The course adopts a cultural perspective, drawing on architecture and urban theory, sociology and cultural geography, to interrogate economics as socially embedded. Spanning from a material basis (involving land use and ownership, localization of production, clustering effects, distribution of products and resources, property investments etc.) to a ‘dematerialized’ and post-industrial economy of services, lifestyles and experiences, the course offers a comprehensive introduction to urban economics as an umbrella term for a heterogenous field of studies.
The course centres on the following themes:
• Basic theory of economics and economic history
• Global capitalism and world cities
• Industrial and post-industrial cities
• Gentrification, housing markets and neoliberal urbanization
• Definitions of formal and informal land use and economic exchange
• Commerce, tourism and the creative industries
The overall aim of the course is to give an overview of how economic principles and forces are interrelated with urban development and urban life, with a particular focus on social and cultural aspects. Students are provided with a broad knowledge on how economic factors influence, and are influenced by, the design, use and experience of the built environment. On completion of the course the student should understand the principles for neoclassical economy and be able to explain, by use of independent examples, what a cultural economical perspective entails; be able to apply central concepts (such as gentrification, place marketing, symbolic capital, creative destruction etc.) to concrete cases of urban transformation; be able to analyse conceptual distinctions (such as production/consumption, formal/informal, industrial/post-industrial, material/immaterial economic factors) and discuss their significance when applied to empirical cases; be able to partake in and make contributions to a critical discussion on how a market-driven urban development influences professional roles in urban design, architecture and planning. The aims of the course may be fulfilled either orally (at seminars or group exercises) or in writing (individual assignments and paper) but for attaining a higher grade (A-B) students are required to do both.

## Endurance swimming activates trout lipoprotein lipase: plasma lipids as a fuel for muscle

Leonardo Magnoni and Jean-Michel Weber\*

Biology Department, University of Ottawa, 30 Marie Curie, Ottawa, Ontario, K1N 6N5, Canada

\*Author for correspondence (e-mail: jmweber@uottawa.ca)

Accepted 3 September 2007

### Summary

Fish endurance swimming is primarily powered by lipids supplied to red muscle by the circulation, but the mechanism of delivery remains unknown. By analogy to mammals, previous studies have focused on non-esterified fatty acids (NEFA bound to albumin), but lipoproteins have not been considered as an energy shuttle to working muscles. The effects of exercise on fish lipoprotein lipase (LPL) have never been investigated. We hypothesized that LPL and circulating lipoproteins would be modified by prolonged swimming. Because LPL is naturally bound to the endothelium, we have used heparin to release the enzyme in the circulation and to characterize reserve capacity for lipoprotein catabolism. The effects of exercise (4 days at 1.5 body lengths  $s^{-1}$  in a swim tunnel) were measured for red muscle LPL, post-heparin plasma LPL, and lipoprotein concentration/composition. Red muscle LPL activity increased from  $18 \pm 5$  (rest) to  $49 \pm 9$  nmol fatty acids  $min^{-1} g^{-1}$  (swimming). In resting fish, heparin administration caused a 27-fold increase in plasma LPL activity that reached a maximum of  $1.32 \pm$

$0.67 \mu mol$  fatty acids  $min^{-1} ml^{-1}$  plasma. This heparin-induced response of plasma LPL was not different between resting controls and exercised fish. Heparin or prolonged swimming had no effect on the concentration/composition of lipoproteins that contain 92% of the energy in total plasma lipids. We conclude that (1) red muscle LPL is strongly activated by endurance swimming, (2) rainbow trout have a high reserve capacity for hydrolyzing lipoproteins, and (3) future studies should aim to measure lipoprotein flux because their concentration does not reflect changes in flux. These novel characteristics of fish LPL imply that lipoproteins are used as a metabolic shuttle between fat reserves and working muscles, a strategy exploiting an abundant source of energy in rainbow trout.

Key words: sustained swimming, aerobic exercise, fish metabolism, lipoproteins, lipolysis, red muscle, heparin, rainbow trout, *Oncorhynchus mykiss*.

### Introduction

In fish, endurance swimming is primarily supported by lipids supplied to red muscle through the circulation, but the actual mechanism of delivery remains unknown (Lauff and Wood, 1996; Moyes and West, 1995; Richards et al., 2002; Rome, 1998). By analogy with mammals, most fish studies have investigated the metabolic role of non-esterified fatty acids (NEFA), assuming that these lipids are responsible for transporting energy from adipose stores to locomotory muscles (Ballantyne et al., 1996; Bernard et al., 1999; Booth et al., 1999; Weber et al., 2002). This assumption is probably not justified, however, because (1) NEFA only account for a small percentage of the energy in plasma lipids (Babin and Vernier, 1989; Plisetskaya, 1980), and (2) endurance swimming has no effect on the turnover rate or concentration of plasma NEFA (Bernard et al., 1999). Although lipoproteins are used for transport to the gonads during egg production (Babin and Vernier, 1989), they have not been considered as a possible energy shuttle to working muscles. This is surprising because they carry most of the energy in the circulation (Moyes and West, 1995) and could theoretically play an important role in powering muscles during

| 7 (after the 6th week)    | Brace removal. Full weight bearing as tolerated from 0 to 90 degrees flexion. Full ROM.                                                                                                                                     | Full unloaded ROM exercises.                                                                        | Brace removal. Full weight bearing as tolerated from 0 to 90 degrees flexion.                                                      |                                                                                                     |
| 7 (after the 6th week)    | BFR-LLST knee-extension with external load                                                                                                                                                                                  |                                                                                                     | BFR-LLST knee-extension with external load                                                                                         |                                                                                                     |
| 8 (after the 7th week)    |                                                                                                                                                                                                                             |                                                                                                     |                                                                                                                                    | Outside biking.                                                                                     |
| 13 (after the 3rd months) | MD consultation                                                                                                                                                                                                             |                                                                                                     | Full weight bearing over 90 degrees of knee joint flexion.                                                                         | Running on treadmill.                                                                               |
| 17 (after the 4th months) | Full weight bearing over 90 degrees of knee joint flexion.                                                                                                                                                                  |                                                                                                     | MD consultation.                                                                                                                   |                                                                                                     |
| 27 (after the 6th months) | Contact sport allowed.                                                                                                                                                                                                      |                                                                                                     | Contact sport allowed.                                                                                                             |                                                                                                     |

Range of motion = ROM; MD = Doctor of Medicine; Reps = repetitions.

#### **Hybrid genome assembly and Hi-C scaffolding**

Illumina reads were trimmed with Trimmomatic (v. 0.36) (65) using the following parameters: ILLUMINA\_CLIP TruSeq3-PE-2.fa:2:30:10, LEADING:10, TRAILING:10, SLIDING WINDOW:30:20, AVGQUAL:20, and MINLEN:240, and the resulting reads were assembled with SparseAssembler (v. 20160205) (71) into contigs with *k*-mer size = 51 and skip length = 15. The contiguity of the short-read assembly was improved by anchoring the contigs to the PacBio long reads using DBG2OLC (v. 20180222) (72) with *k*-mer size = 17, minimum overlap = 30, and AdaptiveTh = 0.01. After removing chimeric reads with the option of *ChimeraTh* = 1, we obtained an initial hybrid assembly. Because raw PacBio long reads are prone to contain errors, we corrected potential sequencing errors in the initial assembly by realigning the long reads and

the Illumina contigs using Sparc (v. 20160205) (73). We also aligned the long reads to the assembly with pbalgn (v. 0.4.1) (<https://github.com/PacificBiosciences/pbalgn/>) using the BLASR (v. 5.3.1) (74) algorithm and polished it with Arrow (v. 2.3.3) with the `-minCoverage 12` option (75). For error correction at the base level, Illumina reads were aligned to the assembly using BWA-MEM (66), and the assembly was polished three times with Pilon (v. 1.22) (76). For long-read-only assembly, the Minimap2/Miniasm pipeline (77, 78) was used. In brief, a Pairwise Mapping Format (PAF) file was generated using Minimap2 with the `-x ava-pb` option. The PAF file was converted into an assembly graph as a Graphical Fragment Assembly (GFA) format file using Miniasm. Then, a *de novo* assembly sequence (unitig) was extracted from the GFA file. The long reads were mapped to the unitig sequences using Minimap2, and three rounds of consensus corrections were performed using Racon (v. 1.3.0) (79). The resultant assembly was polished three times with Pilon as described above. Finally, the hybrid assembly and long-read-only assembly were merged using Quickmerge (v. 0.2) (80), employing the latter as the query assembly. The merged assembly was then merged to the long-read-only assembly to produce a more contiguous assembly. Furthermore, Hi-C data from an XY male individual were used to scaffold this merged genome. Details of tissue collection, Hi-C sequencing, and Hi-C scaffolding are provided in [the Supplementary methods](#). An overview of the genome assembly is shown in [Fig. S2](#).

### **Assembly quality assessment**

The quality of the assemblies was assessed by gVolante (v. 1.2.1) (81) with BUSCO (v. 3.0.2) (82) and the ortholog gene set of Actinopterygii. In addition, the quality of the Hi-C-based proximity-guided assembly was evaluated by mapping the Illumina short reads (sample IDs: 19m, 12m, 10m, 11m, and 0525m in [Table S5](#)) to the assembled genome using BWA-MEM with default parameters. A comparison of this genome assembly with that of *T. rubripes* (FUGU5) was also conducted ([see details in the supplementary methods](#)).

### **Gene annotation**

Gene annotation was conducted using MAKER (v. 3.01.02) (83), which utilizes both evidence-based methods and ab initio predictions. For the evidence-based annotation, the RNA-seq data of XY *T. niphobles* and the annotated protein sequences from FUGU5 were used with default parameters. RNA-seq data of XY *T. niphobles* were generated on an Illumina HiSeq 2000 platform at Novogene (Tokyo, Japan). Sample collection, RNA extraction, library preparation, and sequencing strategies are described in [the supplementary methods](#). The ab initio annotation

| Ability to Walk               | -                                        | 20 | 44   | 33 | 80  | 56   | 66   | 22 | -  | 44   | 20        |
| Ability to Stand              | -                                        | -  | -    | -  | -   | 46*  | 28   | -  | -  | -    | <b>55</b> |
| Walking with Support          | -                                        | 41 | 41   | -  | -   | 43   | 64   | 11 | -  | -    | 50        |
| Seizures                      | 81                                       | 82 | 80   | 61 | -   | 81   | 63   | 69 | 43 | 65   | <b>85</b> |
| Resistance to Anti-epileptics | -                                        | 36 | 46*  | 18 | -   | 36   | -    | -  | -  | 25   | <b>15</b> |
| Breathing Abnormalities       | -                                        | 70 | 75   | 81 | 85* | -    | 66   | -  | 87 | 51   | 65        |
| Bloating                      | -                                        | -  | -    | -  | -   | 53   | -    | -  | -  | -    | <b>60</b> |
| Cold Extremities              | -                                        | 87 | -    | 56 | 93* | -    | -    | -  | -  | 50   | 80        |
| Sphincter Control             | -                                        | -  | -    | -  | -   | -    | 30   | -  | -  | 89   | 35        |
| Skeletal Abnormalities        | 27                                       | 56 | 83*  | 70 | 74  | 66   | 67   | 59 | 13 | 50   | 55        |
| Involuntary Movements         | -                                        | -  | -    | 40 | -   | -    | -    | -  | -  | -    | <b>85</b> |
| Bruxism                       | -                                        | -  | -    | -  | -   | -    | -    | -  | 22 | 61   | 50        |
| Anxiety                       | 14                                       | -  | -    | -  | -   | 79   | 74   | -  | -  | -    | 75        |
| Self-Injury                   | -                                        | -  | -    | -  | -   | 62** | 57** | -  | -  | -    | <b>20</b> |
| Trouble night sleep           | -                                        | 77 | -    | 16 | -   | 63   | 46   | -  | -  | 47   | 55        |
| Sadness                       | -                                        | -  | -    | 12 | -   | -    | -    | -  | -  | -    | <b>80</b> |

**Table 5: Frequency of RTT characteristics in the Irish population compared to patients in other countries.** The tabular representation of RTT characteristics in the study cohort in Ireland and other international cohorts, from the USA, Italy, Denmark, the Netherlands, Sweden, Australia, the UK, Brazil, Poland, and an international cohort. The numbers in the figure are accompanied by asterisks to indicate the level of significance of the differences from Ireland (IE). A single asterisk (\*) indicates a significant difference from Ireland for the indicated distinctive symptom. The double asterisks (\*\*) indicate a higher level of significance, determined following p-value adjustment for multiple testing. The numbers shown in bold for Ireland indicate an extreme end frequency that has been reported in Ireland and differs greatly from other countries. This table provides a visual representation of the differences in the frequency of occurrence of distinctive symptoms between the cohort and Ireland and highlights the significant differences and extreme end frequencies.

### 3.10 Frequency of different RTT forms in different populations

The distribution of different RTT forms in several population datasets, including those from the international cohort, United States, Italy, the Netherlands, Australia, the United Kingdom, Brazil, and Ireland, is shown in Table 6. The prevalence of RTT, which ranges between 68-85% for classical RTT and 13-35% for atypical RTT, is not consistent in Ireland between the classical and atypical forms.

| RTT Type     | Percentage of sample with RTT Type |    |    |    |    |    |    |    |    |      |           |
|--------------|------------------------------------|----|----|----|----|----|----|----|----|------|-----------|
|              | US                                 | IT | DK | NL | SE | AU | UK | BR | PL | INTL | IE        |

Structured on lectures and literature seminars, the progression of the course is based on close readings, open discussions and a high level of student participation. Students are expected to work both in groups and individually during scheduled course hours. Lectures and readings combine in serving as introductions to the central topics but are also used as means to expand on critical issues by adding complexity and nuance e.g. by relating to case studies and varying examples of professional practice. The course thus gives students access to a rich source of literature and current debates in order to encourage further independent studies.